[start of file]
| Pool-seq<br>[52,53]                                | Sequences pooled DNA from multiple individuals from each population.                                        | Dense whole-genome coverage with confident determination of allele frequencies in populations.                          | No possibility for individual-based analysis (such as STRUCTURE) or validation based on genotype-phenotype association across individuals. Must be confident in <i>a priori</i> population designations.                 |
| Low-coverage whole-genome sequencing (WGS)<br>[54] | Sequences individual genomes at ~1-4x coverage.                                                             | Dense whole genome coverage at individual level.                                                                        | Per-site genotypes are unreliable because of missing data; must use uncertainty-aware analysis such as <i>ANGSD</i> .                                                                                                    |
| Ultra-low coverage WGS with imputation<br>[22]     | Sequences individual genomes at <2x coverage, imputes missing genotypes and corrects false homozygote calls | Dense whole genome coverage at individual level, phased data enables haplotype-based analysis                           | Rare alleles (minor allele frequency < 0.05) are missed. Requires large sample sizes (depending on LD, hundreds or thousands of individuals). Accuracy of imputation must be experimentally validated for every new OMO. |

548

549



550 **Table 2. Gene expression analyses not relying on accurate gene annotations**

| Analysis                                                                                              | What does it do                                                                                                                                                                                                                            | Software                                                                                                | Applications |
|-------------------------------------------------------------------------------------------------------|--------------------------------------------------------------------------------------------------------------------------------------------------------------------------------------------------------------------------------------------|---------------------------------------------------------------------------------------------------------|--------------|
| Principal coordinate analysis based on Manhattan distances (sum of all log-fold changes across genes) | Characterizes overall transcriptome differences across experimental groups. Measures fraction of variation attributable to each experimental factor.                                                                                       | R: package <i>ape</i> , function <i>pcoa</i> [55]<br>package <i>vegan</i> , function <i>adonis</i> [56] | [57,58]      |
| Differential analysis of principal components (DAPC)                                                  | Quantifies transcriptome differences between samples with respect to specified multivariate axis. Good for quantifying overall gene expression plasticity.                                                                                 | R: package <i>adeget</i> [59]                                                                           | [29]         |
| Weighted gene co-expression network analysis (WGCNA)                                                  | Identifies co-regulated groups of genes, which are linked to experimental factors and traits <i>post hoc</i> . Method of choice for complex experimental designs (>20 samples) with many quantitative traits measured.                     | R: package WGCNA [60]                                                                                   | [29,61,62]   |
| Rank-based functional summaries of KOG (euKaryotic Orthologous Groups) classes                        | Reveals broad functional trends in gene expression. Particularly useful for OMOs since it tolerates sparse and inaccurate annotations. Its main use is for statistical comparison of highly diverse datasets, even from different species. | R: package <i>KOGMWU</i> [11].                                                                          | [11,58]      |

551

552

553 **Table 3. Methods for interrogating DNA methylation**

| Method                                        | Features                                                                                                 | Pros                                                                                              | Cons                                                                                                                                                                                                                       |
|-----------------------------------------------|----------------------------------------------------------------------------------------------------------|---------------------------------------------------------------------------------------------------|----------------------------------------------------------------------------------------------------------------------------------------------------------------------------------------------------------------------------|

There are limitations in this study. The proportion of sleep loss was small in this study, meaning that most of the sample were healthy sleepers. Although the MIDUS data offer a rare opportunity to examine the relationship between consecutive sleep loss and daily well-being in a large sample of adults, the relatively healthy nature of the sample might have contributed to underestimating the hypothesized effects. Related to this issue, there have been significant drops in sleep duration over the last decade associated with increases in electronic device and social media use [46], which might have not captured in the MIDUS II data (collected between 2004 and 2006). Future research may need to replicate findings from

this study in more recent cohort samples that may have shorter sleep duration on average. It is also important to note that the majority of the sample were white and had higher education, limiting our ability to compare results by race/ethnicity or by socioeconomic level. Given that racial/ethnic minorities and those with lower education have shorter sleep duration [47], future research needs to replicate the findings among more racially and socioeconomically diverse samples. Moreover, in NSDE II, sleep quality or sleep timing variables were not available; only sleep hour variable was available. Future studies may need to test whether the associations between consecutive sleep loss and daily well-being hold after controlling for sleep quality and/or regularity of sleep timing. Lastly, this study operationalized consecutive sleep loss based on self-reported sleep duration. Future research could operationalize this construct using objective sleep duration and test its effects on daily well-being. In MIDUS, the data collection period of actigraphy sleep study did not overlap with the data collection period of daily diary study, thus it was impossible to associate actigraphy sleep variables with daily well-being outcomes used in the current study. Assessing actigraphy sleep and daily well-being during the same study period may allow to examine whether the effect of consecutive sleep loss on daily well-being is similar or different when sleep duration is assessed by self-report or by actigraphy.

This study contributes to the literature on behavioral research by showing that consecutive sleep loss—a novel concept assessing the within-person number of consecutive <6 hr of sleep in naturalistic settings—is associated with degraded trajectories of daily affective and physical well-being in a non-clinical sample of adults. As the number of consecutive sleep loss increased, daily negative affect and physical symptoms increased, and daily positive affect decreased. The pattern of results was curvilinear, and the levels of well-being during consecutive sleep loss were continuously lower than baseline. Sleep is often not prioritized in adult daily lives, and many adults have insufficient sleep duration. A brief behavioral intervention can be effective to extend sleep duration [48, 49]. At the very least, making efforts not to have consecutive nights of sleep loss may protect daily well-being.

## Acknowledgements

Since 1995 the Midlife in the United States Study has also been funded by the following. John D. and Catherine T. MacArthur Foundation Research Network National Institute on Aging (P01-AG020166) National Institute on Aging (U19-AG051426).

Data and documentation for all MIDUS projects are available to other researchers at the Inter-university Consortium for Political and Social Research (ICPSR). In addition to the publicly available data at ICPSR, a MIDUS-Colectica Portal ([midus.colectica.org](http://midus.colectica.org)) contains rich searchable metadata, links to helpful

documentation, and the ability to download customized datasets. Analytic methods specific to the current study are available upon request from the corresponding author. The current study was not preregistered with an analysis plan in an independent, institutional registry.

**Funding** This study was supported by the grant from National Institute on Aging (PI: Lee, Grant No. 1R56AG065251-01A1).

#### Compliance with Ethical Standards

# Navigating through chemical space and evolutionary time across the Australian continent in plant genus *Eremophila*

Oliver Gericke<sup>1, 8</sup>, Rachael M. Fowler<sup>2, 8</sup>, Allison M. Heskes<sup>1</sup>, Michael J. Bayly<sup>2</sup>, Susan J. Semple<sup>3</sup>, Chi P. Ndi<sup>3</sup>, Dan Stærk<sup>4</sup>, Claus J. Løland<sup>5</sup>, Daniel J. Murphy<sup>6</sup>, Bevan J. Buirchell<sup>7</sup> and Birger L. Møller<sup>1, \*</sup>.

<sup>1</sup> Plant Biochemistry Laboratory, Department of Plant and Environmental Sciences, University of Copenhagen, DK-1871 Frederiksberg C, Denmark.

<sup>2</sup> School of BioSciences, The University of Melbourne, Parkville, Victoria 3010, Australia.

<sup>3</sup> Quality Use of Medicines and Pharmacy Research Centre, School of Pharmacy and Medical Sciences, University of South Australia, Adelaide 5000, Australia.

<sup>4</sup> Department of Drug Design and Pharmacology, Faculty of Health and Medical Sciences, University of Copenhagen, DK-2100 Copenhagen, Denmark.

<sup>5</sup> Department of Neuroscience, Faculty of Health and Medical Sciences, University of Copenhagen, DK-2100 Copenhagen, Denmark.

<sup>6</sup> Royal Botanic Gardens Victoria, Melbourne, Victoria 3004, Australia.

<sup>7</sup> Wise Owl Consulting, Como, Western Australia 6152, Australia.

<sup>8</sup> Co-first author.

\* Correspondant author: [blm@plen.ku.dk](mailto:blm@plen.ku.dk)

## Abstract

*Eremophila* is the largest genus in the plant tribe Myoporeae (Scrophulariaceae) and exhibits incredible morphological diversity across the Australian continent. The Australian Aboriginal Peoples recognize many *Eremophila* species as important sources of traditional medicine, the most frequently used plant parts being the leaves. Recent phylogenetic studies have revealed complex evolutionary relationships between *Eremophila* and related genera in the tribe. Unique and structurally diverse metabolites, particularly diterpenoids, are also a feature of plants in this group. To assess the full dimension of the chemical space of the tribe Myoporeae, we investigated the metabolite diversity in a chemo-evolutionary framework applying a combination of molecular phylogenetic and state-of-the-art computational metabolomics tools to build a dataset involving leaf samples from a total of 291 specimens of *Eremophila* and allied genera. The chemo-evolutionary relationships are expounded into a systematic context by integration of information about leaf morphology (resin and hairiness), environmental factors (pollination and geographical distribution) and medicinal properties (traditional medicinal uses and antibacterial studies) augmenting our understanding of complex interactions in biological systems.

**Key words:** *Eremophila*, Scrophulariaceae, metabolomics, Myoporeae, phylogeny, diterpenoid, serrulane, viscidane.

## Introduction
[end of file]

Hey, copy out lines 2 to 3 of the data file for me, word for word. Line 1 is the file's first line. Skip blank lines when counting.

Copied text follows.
| Low-coverage whole-genome sequencing (WGS)<br>[54] | Sequences individual genomes at ~1-4x coverage.                                                             | Dense whole genome coverage at individual level.                                                                        | Per-site genotypes are unreliable because of missing data; must use uncertainty-aware analysis such as <i>ANGSD</i> .                                                                                                    |
| Ultra-low coverage WGS with imputation<br>[22]     | Sequences individual genomes at <2x coverage, imputes missing genotypes and corrects false homozygote calls | Dense whole genome coverage at individual level, phased data enables haplotype-based analysis                           | Rare alleles (minor allele frequency < 0.05) are missed. Requires large sample sizes (depending on LD, hundreds or thousands of individuals). Accuracy of imputation must be experimentally validated for every new OMO. |